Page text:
Text and Strings - Part 1

Up to this point we've learned about primitive types that are mostly numeric and also the Boolean types of true and false. Let's move forward and get to a real type that everybody needs to use inside their applications, namely strings. Sharp strings are an array a collection of character types. This makes sense when you think about it as a string, a block of text, is just a collection of characters. This means a bunch of different things for us as we look at working with strings to manage and create text content that we want to display on screen whether it's in a Windows application, a website, or even a mobile app for your phone.

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Strings are in extensive and interesting topic in C# and .NET. This is the first of several parts in which we'll learn about strings, including a more advanced topic very much later in the course.

Let's start with the basics and we can declare a string by outlining it with the double quote character " . If we wanted to declare our players names for a game of cards we could do it with the following syntax:

string playerOneName = "Jeff";
string playerTwoName = "Cris";


Of course as we learned previously we can also use the var keyword to declare variables as well. Let's rewrite that last declaration of our players names using the var keyword.

var playerOneName = "Jeff";
var playerTwoName = "Cris";


That's simple enough and builds on what we've previously learned. Folks when they work with strings want to combine them or grab parts of strings or look up where values exist inside of strings. Take a look at some of these operations to manage and analyze the content of text content.

Grabbing Part of a String

Since the string is just a collection of characters, we can grab individual characters by referencing them with a zero-based index and square brackets [ ] We could define the standard suits in a deck of poker playing cards and grab the first initial of each suit using syntax like this:

var suit1 = "Clubs";
var suit2 = "Diamonds";
var suit3 = "Hearts";
var suit4 = "Spades";

var clubsInitial = suit1[0];
var diamondsInitial = suit2[0];
var heartsInitial = suit3[0];
var spadesInitial = suit4[0];

We can also use the Substring method to isolate and return text from a given position and length inside of a string. Perhaps we want to grab just the first name of this player.

var playerOne = "Jeff Fritz";
var playerOneFirstName = playerOne.Substring(0,4);

Substring can also be used to grab from a point in the string through the end by omitting the second argument to the substring method.

var playerOneLastName = playerOne.Substring(5);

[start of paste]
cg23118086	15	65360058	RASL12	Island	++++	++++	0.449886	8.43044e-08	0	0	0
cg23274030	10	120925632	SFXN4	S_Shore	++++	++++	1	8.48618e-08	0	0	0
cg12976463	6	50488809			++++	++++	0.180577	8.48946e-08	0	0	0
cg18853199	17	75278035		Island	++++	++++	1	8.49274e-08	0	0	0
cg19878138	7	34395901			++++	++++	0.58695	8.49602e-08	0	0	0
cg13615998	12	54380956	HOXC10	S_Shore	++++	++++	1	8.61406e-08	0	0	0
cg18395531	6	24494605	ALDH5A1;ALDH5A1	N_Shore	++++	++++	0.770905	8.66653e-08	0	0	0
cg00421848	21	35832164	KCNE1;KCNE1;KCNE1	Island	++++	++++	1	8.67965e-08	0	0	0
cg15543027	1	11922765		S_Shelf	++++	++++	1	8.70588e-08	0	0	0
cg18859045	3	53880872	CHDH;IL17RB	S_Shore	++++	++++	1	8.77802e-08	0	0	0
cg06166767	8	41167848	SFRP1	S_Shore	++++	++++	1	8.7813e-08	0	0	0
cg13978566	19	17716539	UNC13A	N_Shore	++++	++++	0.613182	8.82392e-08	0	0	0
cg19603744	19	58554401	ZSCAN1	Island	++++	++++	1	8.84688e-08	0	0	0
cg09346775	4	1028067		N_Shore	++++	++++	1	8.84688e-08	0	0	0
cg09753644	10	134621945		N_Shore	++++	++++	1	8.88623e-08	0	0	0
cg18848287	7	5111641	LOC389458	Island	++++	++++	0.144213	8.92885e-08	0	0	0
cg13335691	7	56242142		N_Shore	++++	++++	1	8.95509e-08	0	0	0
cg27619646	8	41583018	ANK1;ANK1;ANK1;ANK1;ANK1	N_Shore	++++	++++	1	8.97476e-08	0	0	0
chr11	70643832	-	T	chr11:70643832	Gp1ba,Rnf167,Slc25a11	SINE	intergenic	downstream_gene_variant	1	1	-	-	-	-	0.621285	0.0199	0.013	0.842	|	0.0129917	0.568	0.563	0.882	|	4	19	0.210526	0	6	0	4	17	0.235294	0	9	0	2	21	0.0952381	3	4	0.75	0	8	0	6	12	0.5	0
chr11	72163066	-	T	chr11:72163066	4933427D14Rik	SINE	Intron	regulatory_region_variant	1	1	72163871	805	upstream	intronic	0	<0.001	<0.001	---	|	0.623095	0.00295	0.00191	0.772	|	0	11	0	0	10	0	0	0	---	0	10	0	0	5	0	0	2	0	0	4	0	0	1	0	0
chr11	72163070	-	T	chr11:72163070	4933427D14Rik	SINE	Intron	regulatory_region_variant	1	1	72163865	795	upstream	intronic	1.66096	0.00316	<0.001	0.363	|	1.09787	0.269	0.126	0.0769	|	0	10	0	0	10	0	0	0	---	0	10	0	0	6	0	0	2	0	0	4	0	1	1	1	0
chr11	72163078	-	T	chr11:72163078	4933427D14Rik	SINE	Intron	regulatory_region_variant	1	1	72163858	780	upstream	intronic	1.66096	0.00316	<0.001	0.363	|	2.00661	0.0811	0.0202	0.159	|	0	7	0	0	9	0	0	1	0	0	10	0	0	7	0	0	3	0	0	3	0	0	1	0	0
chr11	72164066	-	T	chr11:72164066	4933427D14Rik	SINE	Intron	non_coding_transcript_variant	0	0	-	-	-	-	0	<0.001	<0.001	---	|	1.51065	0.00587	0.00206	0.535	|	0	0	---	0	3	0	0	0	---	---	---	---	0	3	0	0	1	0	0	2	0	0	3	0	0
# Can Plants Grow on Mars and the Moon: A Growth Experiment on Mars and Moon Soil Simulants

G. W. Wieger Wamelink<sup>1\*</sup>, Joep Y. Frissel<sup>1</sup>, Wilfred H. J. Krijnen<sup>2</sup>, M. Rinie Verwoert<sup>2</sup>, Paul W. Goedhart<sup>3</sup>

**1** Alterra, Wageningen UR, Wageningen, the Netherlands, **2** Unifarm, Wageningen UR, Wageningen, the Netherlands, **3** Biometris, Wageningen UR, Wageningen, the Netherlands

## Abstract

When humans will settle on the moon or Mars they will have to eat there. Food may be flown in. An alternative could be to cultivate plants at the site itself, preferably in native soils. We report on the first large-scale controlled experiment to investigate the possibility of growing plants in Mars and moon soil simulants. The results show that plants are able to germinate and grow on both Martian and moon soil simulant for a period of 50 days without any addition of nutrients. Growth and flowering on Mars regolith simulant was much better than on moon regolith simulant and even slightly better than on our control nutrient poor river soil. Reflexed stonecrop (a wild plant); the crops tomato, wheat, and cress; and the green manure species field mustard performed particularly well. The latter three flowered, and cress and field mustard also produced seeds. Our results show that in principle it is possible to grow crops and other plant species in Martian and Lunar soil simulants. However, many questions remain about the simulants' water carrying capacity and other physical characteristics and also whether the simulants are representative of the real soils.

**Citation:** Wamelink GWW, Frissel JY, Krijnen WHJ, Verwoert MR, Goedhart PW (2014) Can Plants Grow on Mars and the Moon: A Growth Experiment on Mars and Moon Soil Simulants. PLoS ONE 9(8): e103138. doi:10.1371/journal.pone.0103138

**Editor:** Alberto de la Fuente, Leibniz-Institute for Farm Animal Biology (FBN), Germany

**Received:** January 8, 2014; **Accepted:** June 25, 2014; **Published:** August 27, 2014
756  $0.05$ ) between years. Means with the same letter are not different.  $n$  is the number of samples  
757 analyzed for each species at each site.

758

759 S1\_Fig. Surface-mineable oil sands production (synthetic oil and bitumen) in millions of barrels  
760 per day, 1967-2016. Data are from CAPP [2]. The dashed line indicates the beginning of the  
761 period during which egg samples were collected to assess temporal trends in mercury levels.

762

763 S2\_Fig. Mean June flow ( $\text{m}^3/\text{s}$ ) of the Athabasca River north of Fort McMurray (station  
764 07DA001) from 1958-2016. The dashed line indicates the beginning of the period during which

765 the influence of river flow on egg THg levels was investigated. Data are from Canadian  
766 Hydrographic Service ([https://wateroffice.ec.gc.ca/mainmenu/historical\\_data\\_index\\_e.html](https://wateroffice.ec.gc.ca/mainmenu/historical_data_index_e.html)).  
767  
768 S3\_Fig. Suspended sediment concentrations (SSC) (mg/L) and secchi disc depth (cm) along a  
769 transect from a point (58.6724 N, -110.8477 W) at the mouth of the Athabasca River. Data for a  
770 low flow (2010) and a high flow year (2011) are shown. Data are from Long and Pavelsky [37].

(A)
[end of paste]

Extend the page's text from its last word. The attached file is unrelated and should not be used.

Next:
Analyzing Strings

There are a number of methods and properties available that let you inspect a string. Let's start with the Length property:

var playerOneCards = "3H4H";

We can also search a string for the position of a character inside the string with the IndexOf method:

var nextHand = "9H9D";

What does IndexOf return if it doesn't find the character in the string?

var thirdHand = "7H8H";

Modifying Strings

It's one thing to get a part of a string and work with it, but sometimes we just want to replace parts of the string or even to remove content from the string. Let's take a look at how we can replace content in strings with the Replace method. In this sample, let's replace the space between the player's name with an underscore _ character:

var playerOne = "Jeff Fritz";
display(playerOne.Replace(' ', '_'));

We can also remove characters from within a string variable using the same arguments as we previously did with the Substring method. The Remove method removes the characters and returns the string:

var diamonds = "Diamonds";

Perhaps there are extra spaces or other characters that you'd like to clean up at the beginning or end of a string. You can use the Trim, TrimStart, and TrimEnd methods to remove these extra characters:

var suits = "Clubs Diamonds Hearts Spades";
var clubs = suits.Substring(0,6);

clubs = clubs.Trim();   // Use Trim with no arguments to remove spaces


Combining Strings

We've looked at analyzing and grabbing various parts of strings but what about combining strings? We started with a full name for a player but what if we have their individual first name and last name and want to combine names? Or maybe we have a collection of card strings that we want to combine together to represent a player's hand. We do that? Let's start with combining a players name using a simple + operator

var firstName = "Jeff";
var lastName = "Fritz";

display(firstName + ' ' + lastName);

Notice that we can insert a character in the middle of the combination of these two strings. What if instead of inserting a space character, we inserted something else? What happens then?

Let's combine various cards into a larger 'Hand' variable. We can also use the Concat method with the various strings we would like to combine:

var card1 = "2C";
var card2 = "2D";
var card3 = "2S";
var myHand = string.Concat(card1, card2, card3);

If we have to combine lots of strings, or an unknown number of strings, we can use a more efficient object called a StringBuilder to combine those values. The StringBuilder is used like this:

var myHand = new StringBuilder();
var card4 = "8C";
var card5 = "8D";
var card6 = "8S";
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CSharp In the Cards is a free technical educational series produced by Jeffrey T. Fritz and available in video, text, and source code formats. In the future, we plan to have more formats available

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